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on 15 September 2013
An all-star cast, an antagonist/protagonist in one, pretty historically correct, and a really authentic look at the bawdy, dirty, smelly world of the late 17th Century. John Wilmot, 2nd Earl of Rochester was a tragic figure who lived for excesses...and died as a result. His shocked and titillated, and could simultaneously arouse and disgust his readers. If you love the Seventeenth Century as much as I do, you must watch this film. I just think it's despicable that this gem is being sold for less than a fiver!
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on 7 May 2006
The film is based on the life of John Wilmot, second Earl of Rochester and friend of King Charles 11. Wilmot was befriended by Charles because Wilmot's father had assisted Charles whilst in exile. Friend or not Wilmot truly was a libertine. He delighted and revelled in sex be it heterosexual or homosexual, he wrote extremely bawdy poems and plays and drank to excess once boasting that he had not been sober for five years. His long suffering wife had to put up with his behaviour until she could take no more. He eventually did truly fall in love with a woman and helped her to become a famous actress on the London stage at a time when women were just entering the acting profession but she did not want him as he wanted her - not only to be his wife but also the mother of his child.

Charles banished him from court many times because of his behaviour but always forgave him. Commissioned to write a play by Charles because "Elizabeth 1 had her Shakespeare" and Charles wanted his, Wilmot came up with the most obscene play that he could write. Not only was it obscene but was aimed directly at Charles 11 himself. The King attended along with the French Ambassador and was obviously appalled. Although himself known as "The Merry Monarch" who had many mistresses, this was a step too far. Wilmot was disgraced and had to flee. The film then goes on to chronicle his descent even further into drink and venereal disease. Wilmot was obviously a man with great talent but with a "self-destruct" button that he could not or would not turn off. He died in his early thirties having finally done something to redeem himself in his own eyes.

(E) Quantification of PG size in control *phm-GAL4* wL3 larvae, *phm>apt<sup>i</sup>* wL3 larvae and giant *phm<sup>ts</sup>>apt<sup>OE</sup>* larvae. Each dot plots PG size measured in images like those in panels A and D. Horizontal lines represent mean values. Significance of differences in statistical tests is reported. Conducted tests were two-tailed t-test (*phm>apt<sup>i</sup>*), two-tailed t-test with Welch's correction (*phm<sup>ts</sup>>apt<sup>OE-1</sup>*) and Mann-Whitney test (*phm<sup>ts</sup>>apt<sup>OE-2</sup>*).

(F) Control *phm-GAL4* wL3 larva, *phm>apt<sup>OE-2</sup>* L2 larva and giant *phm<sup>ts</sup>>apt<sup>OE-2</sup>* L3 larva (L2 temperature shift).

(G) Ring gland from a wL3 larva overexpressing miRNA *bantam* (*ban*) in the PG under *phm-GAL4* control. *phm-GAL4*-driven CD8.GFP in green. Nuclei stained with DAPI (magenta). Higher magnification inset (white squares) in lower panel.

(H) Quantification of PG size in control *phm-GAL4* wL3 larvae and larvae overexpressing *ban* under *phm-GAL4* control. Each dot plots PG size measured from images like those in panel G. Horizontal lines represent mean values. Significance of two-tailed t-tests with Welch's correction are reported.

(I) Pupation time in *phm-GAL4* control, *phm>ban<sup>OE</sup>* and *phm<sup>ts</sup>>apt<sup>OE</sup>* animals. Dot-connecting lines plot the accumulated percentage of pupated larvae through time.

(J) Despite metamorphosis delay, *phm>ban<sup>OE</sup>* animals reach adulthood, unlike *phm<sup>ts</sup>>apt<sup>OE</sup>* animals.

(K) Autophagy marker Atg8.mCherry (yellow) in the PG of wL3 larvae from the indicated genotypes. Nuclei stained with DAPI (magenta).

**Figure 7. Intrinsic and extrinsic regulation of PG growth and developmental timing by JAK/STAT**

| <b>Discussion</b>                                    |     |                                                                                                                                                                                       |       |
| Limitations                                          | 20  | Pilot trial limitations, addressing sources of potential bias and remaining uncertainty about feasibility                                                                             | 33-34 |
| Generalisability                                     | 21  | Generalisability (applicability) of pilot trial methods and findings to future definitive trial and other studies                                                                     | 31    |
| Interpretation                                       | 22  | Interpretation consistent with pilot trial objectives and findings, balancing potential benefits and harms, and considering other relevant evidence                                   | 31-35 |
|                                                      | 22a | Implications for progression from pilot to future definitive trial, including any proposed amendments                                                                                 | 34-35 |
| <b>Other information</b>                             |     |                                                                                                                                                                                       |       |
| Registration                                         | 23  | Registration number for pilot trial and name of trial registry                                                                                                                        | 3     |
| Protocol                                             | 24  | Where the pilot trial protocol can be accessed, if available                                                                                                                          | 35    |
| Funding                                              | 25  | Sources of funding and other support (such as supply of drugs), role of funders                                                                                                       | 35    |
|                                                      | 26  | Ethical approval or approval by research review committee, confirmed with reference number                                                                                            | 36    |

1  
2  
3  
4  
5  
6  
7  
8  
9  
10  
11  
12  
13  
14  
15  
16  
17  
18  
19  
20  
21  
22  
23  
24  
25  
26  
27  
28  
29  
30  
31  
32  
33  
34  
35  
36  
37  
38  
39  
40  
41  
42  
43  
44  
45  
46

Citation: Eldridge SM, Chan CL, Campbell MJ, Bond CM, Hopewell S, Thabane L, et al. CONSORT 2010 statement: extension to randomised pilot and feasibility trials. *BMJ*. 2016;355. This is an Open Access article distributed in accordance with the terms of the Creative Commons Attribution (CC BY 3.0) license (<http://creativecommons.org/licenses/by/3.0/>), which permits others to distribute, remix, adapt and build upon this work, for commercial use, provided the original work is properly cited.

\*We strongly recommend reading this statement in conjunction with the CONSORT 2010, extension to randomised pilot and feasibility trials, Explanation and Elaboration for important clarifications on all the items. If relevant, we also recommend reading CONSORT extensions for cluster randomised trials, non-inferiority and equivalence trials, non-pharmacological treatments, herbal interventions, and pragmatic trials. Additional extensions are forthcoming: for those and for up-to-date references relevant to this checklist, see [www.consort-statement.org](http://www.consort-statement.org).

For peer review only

The settings and make-up are superb. The directing is excellent although the film is shot darkly and can be a little murky at time. The language is somewhat flowery as it would have been then. It perfectly captures the time of the Restoration period when after years of Puritan rule, anything went, literally anything, as people gave free rein to their desires.

A truly stunning performance by Johnny Depp proving what a remarkably fine and rather under-rated actor he is. He can tackle any role and make it truly and utterly believable John Malkovitch makes a subtle Charles 11 and with a very strong supporting cast it is worth watching for the acting alone.

The film opens with a prologue where John Wilmot says "You will not like me, I do not want you to like me". In the end you cannot help liking him a little and also feeling sorry for him - sorry that he threw his life away, a life that held such promise if only he had channelled his abilities in the right direction.

If you like true stories, if you like a film that makes you think, a film you have to concentrate on, if you enjoy history and are not shocked by explicit sexual references and images then this is the film for you.
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Watching this confirmed for me that in most cases I can judge a film by its trailers. In spite of misgivings I was persuaded to see this by a friend who has watched it at least twice.
Surely this film is that wonderful thing, a Hollywood "vehicle" for Johnny Depp as John Wilmot, second Earl of Rochester. He is in every frame and looks his usual gorgeous self until ravaged and dying of unmentionable diseases at an early age. Acting drunk most of the time unfortunately leads to regrettable comparisons with Johnny Depp playing Captain Jack Sparrow. John Malkovich has an alarmingly long false nose which I kept expecting to drop off; and Samantha Morton acts badly as an actress acting badly.

William Hazlitt judged that "his contempt for everything that others respect almost amounts to sublimity"; so when John Wilmot asks us at the end of the film if we like him, the answer has to be a resounding "no, sorry, and not the depressing film either; but what the hell did you expect?"
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on 21 December 2007
"Allow me to be frank at the commencement" says a wonderfully plummy english voice as the film opens ... and frank it certainly is! Not one to watch with young kids around (no matter how "mature" you think they are) and certainly a film with which to keep an open mind.

As the gorgeous voice carries on, you are both suprised by the extreme frankness of the monologue and the fact dawning upon you that the actor speaking these words is american. Mr Depp has you enthralled.